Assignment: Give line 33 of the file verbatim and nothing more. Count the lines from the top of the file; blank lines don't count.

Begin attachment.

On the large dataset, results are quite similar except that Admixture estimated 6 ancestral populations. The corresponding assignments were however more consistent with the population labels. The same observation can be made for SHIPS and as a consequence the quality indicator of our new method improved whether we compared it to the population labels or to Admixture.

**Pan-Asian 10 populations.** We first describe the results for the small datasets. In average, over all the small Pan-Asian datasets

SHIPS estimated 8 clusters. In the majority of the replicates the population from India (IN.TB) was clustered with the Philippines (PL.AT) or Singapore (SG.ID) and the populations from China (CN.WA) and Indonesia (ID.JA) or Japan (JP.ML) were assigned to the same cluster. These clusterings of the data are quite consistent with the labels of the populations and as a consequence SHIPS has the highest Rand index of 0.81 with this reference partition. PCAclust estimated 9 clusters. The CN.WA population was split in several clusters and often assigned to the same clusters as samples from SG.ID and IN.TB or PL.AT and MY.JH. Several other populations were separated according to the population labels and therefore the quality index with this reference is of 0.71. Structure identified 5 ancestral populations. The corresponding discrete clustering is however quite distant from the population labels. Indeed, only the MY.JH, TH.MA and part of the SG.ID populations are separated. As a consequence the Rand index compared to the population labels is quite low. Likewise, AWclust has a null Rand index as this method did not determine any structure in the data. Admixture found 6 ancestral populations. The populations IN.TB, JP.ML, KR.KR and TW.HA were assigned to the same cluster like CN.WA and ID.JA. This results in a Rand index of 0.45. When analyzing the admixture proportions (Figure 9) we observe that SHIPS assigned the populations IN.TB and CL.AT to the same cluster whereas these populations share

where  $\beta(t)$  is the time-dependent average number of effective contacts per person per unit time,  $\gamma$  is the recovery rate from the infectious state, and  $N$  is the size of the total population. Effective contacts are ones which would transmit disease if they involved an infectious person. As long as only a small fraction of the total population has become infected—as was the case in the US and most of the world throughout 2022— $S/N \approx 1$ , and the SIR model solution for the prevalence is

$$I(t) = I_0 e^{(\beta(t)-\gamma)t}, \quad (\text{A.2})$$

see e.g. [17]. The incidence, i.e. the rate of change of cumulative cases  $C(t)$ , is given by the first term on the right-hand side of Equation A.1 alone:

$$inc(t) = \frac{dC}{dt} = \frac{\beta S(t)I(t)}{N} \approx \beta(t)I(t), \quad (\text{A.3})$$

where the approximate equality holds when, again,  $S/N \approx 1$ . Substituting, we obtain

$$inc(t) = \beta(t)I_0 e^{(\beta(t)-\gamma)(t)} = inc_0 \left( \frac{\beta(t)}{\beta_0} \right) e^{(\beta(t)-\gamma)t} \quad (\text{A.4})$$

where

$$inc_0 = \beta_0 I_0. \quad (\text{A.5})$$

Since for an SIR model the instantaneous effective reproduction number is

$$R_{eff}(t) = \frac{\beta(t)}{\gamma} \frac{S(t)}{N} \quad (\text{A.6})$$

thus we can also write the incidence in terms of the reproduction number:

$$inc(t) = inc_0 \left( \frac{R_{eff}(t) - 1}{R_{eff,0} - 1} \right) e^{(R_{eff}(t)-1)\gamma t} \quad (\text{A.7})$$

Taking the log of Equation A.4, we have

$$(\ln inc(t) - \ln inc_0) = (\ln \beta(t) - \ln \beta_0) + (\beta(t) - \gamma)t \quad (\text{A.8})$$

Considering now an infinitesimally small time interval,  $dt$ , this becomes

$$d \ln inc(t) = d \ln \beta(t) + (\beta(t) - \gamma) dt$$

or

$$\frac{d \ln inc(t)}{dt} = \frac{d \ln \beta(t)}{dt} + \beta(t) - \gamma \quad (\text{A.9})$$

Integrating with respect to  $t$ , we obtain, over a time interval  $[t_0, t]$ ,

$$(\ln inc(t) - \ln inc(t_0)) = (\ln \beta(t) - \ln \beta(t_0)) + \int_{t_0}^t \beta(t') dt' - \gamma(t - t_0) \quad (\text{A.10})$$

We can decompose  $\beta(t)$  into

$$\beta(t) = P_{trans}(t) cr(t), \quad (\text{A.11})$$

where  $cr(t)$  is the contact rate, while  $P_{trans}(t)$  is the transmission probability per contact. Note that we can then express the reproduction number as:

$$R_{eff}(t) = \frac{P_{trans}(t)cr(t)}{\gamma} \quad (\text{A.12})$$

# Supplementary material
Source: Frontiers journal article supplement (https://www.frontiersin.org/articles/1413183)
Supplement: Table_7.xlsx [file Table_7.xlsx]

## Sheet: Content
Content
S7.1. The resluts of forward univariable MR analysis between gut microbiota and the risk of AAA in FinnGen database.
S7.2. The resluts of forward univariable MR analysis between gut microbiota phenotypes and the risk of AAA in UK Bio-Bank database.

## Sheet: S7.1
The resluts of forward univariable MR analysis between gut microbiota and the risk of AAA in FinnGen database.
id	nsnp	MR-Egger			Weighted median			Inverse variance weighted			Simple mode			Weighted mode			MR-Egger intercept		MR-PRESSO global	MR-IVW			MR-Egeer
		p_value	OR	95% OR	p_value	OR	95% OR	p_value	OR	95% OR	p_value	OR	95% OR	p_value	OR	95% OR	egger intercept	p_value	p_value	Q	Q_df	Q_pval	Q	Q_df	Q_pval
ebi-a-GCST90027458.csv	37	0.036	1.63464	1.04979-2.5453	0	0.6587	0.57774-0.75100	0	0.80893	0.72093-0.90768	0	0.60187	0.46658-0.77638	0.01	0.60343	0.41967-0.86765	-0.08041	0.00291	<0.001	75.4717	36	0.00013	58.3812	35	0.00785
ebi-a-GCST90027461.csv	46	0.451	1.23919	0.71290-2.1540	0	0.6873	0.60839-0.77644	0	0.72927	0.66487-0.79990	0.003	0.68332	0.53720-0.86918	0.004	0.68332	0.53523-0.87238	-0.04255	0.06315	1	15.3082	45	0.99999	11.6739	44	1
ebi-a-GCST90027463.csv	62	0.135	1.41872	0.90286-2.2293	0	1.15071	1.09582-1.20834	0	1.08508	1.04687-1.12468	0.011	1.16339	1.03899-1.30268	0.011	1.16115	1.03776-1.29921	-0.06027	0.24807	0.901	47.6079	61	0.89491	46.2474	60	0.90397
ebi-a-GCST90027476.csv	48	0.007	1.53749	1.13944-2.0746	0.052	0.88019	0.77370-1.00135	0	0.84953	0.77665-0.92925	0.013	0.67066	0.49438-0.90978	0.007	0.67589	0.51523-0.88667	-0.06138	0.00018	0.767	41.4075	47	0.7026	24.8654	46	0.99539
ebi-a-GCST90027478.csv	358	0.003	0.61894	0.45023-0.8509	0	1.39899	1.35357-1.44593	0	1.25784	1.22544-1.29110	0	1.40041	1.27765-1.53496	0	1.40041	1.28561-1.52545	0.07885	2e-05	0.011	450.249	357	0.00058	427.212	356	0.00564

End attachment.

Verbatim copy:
S7.1. The resluts of forward univariable MR analysis between gut microbiota and the risk of AAA in FinnGen database.